Sequential Expectancies and Decision Making in a Changing Environment: An Electro Physiological Approach

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Event‐related potentials, P300, Slow Wave, Subjective probability, Decision making

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This experiment addressed two questions. First, we sought to determine how sequential expectancies, as indexed by the amplitude of P300, are formulated when subjects are presented with a series in which the event probabilities are continuously changing. Second, we wanted to determine the effect on P300 amplitude of seeking information prior to a decision when the decisions are required at random intervals. Eight subjects were presented with a Bernoulli series of high and low tones in which the event probabilities reversed at random intervals. Thus, while the event probabilities were either .33 or .67 over short segments of the series, they were .50 over each trial block. The subject's task was to count the number of low‐pitched tones. In two separate conditions (“Unknown” and “Known”) the subjects received different information about the series. In the Unknown condition, the subjects were not informed of the reversals in stimulus probability and were only told that the events were equally probable. In the Known condition, the subjects were informed of the probability reversals and, in addition to the counting task, were asked to detect the probability reversals.

The trials were divided into two categories: “transition” and “stable.” The transition trials were those that occurred between the actual probability reversal and the subject's reported detections. The stable trials were all those not included in the transition category. The data from the stable trials revealed that, in most cases, subjects generated their expectancies, as indexed by the amplitude of P300, in an identical manner during both conditions. Accurate knowledge of the stimulus probabilities did, however, influence the amplitude of P300 for events that were preceded by sequences of stimuli that occur only rarely at each level of probability. These data suggest that the mechanism responsible for generating sequential expectancies is largely automatic. Certain aspects of this mechanism are, however, modulated by the subject's knowledge of the parameters of the series. The data from the transition trials revealed that, in the Unknown condition, the subjects’ assignments of subjective probabilities, as indexed by the amplitude of P300, adapted rapidly to meet the new sequence‐generating rules following the probability transitions. In contrast, during the Known condition, the amplitude of the P300 and Slow Wave components steadily increased, as the decision point approached, to levels well above those in the Unknown condition. By the first trial following the decision, this enhancement in P300 and Slow Wave activity was no longer evident. These results are discussed in terms of a descriptive model of the subjects’ decision making behavior.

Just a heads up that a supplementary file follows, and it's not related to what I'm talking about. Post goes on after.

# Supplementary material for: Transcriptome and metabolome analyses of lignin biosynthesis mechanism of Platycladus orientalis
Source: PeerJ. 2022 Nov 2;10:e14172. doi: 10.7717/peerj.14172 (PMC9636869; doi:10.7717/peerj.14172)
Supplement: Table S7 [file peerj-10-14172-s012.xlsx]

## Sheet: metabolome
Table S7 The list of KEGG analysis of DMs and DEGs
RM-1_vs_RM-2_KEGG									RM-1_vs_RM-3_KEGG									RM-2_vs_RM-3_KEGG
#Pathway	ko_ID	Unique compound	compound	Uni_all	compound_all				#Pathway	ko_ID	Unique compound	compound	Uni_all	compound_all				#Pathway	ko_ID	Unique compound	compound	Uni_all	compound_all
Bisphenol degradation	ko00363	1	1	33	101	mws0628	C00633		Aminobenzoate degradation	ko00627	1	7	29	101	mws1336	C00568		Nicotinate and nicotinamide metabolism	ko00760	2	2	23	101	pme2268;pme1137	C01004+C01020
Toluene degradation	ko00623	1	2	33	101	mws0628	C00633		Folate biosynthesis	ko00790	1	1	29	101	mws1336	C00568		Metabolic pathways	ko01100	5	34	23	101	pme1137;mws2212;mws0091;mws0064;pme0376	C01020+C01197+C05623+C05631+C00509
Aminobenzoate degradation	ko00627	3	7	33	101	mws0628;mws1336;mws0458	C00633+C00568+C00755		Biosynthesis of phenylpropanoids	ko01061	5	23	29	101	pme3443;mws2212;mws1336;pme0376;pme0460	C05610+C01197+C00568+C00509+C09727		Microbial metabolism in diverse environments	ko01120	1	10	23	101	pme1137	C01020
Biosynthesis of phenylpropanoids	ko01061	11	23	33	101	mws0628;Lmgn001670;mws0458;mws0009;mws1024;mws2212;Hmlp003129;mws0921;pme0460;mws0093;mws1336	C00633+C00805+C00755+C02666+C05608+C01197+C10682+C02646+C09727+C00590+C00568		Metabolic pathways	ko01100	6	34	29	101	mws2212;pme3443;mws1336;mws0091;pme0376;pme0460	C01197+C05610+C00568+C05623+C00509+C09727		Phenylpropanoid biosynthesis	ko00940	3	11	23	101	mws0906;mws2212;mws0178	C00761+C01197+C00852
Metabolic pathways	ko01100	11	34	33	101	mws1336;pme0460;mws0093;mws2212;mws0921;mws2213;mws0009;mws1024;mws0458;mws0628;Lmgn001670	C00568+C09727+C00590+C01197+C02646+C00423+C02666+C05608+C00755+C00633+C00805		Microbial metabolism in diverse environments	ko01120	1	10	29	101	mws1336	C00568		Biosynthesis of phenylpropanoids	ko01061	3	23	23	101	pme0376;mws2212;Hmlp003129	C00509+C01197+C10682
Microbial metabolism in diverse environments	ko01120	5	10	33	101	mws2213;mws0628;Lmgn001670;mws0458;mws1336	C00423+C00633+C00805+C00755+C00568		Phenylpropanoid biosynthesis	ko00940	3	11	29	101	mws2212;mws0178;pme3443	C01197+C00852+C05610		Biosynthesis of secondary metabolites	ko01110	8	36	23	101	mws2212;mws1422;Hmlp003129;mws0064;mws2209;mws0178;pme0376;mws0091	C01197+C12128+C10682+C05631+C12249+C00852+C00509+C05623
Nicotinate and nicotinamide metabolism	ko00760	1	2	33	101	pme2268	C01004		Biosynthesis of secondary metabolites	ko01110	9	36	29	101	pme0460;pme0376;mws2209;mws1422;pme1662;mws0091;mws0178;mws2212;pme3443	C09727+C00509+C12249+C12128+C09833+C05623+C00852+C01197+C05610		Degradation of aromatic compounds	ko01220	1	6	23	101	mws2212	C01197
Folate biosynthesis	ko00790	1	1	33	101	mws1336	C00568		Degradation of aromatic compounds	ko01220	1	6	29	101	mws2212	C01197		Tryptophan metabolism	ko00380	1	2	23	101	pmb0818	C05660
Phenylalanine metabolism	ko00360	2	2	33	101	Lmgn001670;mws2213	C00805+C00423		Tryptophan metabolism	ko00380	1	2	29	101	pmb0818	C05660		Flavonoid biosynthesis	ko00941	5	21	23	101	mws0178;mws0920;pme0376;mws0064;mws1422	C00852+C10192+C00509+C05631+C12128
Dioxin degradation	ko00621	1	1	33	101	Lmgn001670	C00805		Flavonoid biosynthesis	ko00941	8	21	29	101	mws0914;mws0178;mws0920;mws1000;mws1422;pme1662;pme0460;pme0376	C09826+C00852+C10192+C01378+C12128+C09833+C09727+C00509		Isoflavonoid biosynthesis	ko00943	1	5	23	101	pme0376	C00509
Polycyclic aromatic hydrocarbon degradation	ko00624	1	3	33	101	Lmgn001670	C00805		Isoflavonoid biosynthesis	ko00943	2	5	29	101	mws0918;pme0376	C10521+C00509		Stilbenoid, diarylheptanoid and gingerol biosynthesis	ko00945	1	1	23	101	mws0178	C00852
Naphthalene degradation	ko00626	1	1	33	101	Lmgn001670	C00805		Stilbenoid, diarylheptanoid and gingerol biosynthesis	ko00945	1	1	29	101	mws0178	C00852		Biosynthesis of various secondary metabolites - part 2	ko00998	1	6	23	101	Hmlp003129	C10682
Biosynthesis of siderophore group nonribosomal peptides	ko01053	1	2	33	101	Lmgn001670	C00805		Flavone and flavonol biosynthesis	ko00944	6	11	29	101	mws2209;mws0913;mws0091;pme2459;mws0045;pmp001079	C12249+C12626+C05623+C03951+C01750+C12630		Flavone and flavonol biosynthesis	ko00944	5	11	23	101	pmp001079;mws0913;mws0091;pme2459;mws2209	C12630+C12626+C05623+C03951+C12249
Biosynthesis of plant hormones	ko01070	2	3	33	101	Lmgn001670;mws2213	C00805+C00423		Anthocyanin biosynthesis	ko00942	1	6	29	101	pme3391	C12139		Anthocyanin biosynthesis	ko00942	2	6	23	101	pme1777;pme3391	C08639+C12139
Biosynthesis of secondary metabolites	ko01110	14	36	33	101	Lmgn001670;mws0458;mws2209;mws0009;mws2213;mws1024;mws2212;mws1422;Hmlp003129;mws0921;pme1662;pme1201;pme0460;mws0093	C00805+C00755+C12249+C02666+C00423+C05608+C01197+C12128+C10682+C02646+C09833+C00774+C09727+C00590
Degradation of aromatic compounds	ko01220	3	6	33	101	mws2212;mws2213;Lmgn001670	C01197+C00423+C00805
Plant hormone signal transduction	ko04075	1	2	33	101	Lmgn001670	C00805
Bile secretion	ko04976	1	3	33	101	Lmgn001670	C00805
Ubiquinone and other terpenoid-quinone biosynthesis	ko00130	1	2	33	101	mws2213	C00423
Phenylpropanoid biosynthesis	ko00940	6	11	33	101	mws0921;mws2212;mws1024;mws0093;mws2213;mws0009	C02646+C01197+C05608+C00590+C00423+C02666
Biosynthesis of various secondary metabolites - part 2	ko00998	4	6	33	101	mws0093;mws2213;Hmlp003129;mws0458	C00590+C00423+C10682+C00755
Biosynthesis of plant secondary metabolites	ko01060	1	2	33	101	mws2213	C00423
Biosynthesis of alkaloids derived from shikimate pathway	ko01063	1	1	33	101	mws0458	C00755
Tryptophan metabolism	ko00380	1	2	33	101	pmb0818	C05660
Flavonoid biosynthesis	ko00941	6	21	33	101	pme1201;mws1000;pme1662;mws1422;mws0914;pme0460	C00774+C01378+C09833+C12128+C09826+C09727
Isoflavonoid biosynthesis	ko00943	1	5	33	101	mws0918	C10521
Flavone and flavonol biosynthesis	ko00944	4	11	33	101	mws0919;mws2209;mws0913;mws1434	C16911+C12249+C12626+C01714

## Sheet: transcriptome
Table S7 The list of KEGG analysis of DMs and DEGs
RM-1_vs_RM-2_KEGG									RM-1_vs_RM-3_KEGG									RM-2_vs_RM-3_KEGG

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Citation / Publisher Attribution

Psychophysiology, v. 19, issue 2, p. 183-200